How Does Hand Sanitizer Really Work?

••• adamkaz/iStock/GettyImages

Hand sanitizer has never had a bigger moment. As the COVID-19 pandemic continues to upend our lives, hand sanitizer has turned into an important part of slowing the spread and flattening the curve.

But in between the globs of hand sanitizer (if you can can get your hands on it, that is) you may be wondering …

How Does Hand Sanitizer Even Work?

Alcohol-based hand sanitizer works by destroying the microbes that make up many bacterias and some viruses.

The main ingredient of these sanitizers is alcohol, usually ethanol (which is the same kind of alcohol you need if you’re brewing a drink like beer or wine), isopropanol (often found in rubbing alcohol, though some formulas have ethanol in rubbing alcohols instead), or N-propanol. Additionally, different manufacturers add ingredients like water, fragrances or ingredients that keep the alcohol from drying out your hands.

It’s the alcohol that does the job, though. When an alcohol-based sanitizer comes in contact with bacteria, a process called denaturation occurs. During denaturation, the alcohol unfolds and inactivates the important proteins and the outer coat of the bacteria. This process makes it impossible for the microbe to stay together, effectively rendering it useless, or killing it.

It’s kind of like if you were wearing a coat to protect you on a cold day, but then you walked by a magical machine that made the coat quickly shred into a million pieces. The pieces would still technically be around you, but when they weren’t held together by the threads that make them into a winter jacket, they wouldn’t be able to protect you – or anything – from the cold. Like the bacteria when it comes in contact with sanitizer, it’s rendered useless.

What About Viruses?

Since hand sanitizers are often called antibacterials, many people believe they're ineffective against viruses. That's not 100% true. But far more bacterias have that coat, which is usually referred to as an envelope, than viruses do.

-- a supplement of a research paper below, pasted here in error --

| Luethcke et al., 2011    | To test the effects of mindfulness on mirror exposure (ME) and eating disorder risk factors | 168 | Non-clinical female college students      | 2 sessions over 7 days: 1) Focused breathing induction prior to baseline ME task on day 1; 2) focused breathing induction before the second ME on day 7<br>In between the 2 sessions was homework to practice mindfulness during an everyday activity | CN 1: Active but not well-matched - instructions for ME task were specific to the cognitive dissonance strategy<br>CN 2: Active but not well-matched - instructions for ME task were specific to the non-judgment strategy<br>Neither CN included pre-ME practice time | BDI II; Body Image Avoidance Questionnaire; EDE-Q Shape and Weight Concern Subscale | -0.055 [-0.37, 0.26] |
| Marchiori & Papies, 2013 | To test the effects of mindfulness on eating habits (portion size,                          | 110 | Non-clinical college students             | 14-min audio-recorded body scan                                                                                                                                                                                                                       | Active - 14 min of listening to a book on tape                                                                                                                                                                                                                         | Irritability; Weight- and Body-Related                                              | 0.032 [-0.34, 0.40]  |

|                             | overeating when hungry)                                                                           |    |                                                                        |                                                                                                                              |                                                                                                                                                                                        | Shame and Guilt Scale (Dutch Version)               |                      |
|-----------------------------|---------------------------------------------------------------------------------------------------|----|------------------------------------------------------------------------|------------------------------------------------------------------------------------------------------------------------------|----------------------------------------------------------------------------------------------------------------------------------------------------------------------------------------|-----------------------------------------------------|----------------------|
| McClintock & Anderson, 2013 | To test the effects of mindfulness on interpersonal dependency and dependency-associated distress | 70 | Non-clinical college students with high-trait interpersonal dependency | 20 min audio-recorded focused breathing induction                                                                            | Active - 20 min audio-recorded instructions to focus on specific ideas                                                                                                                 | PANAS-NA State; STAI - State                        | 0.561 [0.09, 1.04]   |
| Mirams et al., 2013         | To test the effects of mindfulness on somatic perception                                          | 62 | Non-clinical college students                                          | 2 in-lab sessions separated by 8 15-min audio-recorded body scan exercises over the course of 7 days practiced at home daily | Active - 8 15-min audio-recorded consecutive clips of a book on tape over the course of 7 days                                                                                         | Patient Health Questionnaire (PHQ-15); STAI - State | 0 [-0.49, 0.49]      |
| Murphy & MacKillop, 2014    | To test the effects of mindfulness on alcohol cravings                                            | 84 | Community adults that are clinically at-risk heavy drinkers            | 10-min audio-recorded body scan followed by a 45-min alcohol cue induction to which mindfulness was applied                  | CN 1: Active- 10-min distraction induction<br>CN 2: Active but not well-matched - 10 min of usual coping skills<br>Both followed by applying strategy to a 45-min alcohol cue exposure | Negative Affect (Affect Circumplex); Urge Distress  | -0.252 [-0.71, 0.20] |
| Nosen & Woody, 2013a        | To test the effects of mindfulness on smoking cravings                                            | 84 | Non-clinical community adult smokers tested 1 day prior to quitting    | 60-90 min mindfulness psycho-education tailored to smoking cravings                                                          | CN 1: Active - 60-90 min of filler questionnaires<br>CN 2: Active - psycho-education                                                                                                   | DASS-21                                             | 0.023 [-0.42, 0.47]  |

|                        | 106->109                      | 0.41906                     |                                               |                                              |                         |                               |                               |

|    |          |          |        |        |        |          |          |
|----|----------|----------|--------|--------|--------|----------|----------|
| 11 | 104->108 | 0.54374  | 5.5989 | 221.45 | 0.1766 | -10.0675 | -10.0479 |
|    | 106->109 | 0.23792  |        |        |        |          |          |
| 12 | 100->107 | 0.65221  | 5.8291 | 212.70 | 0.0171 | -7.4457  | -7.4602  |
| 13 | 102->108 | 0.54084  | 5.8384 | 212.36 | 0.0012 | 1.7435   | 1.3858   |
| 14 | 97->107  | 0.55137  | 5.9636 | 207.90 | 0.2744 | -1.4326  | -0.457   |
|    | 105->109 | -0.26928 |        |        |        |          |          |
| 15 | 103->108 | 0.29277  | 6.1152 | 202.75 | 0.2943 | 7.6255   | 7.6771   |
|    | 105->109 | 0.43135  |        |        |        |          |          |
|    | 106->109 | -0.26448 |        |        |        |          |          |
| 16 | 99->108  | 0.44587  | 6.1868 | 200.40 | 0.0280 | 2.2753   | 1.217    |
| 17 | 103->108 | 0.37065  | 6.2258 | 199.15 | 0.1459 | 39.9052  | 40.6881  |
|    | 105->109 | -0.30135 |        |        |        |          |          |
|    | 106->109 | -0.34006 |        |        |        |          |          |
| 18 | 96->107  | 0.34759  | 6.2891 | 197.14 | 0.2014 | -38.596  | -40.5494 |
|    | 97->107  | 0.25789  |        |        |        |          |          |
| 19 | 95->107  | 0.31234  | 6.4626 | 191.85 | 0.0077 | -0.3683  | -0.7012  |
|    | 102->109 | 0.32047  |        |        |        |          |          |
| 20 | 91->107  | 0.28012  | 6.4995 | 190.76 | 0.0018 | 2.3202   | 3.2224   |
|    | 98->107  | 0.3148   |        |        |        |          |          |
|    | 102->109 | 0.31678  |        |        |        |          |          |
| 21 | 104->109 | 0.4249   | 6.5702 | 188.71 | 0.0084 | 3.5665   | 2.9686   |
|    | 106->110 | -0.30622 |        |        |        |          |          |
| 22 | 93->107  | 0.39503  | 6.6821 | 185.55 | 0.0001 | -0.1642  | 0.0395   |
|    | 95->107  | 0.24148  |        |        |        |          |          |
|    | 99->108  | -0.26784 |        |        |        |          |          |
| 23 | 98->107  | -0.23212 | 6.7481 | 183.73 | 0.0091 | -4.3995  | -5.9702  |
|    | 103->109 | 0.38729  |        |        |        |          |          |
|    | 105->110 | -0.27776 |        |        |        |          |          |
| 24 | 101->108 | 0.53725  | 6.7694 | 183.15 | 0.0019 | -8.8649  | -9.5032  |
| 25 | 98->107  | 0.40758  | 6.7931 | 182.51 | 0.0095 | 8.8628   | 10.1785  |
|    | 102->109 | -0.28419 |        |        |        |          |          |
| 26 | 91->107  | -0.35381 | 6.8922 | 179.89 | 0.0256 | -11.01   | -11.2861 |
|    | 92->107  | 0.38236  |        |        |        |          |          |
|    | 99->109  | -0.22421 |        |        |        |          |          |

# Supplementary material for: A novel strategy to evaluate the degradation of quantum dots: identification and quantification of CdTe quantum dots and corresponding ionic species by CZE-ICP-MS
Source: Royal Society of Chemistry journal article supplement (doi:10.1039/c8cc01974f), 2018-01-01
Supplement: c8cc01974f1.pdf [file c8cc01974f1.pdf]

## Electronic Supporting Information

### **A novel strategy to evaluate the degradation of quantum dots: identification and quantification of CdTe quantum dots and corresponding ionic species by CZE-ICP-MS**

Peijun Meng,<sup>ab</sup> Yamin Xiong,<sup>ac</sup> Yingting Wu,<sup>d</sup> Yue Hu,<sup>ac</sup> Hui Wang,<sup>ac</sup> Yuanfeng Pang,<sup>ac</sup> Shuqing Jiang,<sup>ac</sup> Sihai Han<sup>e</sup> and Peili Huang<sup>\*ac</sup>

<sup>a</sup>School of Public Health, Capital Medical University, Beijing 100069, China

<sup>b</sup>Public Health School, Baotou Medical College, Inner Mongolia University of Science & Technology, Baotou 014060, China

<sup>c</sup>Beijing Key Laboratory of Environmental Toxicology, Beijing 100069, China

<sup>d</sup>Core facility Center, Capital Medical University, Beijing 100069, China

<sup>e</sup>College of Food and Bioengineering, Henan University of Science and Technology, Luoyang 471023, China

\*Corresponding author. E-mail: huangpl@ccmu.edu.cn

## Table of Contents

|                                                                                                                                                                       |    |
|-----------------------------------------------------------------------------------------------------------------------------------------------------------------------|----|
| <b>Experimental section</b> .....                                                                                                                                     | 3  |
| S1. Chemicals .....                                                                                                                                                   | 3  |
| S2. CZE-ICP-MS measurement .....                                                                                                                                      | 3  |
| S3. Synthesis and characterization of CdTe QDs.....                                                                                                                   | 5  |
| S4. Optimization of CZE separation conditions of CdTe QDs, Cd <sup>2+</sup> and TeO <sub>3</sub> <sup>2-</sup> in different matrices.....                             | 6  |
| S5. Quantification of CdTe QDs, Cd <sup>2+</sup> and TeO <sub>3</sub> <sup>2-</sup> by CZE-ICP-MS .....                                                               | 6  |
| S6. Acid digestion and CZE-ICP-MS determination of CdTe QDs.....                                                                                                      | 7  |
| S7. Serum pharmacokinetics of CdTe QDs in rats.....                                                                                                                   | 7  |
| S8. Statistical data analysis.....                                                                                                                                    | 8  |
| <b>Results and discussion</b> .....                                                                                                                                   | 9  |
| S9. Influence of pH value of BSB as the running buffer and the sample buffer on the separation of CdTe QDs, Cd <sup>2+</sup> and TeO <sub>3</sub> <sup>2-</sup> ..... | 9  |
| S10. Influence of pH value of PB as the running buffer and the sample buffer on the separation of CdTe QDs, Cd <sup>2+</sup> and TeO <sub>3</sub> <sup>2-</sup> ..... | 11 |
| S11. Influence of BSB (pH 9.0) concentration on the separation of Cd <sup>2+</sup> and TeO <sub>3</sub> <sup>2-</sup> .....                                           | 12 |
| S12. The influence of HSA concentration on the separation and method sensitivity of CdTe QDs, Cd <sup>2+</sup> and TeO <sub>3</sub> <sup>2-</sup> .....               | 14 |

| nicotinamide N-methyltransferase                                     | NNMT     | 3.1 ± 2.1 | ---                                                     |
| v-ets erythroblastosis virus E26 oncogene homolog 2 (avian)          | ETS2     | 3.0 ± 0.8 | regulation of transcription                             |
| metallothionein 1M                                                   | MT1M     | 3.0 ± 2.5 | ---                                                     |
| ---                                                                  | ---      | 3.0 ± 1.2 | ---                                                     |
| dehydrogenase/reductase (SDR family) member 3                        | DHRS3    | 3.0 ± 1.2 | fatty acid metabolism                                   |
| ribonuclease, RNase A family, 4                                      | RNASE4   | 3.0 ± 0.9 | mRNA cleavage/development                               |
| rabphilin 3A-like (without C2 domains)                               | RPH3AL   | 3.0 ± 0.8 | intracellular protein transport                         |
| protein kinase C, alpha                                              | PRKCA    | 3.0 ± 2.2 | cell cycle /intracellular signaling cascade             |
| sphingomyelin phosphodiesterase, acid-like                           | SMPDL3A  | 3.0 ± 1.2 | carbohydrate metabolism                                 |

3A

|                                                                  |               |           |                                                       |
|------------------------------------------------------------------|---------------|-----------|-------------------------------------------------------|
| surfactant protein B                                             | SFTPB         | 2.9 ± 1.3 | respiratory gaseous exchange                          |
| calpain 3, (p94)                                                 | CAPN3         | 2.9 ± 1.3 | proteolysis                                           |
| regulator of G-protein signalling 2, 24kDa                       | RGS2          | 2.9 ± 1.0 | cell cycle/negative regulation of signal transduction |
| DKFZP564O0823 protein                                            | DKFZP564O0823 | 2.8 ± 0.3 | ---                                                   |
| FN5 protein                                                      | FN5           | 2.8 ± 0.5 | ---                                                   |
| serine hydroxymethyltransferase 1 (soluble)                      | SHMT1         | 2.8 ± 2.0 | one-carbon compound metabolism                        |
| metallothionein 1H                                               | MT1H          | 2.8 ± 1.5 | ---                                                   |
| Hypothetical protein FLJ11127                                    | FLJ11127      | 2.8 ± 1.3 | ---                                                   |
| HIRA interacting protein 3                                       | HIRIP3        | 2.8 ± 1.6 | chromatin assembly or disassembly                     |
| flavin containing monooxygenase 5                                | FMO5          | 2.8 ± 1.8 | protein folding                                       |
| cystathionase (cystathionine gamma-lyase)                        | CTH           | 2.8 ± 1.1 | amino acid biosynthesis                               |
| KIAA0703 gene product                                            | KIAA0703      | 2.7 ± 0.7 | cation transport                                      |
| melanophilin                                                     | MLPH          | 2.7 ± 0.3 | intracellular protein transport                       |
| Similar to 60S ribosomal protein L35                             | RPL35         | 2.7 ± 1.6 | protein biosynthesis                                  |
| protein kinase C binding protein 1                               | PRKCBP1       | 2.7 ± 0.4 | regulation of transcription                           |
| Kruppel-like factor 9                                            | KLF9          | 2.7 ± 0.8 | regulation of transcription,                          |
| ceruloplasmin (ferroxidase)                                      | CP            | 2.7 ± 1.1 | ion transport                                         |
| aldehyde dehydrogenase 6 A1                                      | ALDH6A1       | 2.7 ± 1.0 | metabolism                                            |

There are enveloped viruses, though, and COVID-19 is one of them.

That means that hand sanitizers that have at least a 60% concentration of alcohol in them can be effective for at least fighting off some of the virus microbes that could be on your hands. You don’t need to go higher than 95%, as the killing of germs seems to top out there. Look for the percentage of alcohol listed right on the bottle.

If you are trying to use a homemade sanitizer or one where you can’t find the percentage of alcohol, do not rely on it to kill the virus.

And even if you’ve got one that’s 60% or more, don’t rely on hand sanitizer alone. The CDC recommends washing your hands with warm water and soap when possible, as it’s the best at fighting off all kinds of germs and chemicals. That’s especially the case if you’re trying to use sanitizers to clean your hands in addition to sanitizing them.

“Many studies show that hand sanitizers work well in clinical settings like hospitals, where hands come into contact with germs but generally are not heavily soiled or greasy,” says the CDC.

That means that if you’ve just gone outside to shoot some socially distant hoops in your driveway and come back inside with hands covered in grime, hand sanitizer alone likely isn’t going to get rid of all that dirt. In that instance, wash your hands with warm water and soap for at least 20 seconds, and save the sanitizer for a boost when your hands aren’t as dirty and greasy.

It's always important to practice this kind of sanitation, but now, it's literally a matter of life and death for people around the world. Wash your hands, use a 60% or higher hand sanitizer to supplement if possible and stay safe!

About the Author

Rachelle Dragani is a freelance writer based in Brooklyn with extensive experience covering the latest innovation and development in the world of science. Her pieces on topics including DNA sequencing, tissue engineering and stem cell advances have been featured in publications including BioTechniques: the International Journal of Life Science Methods, Popular Mechanics, Futurism and Gizmodo.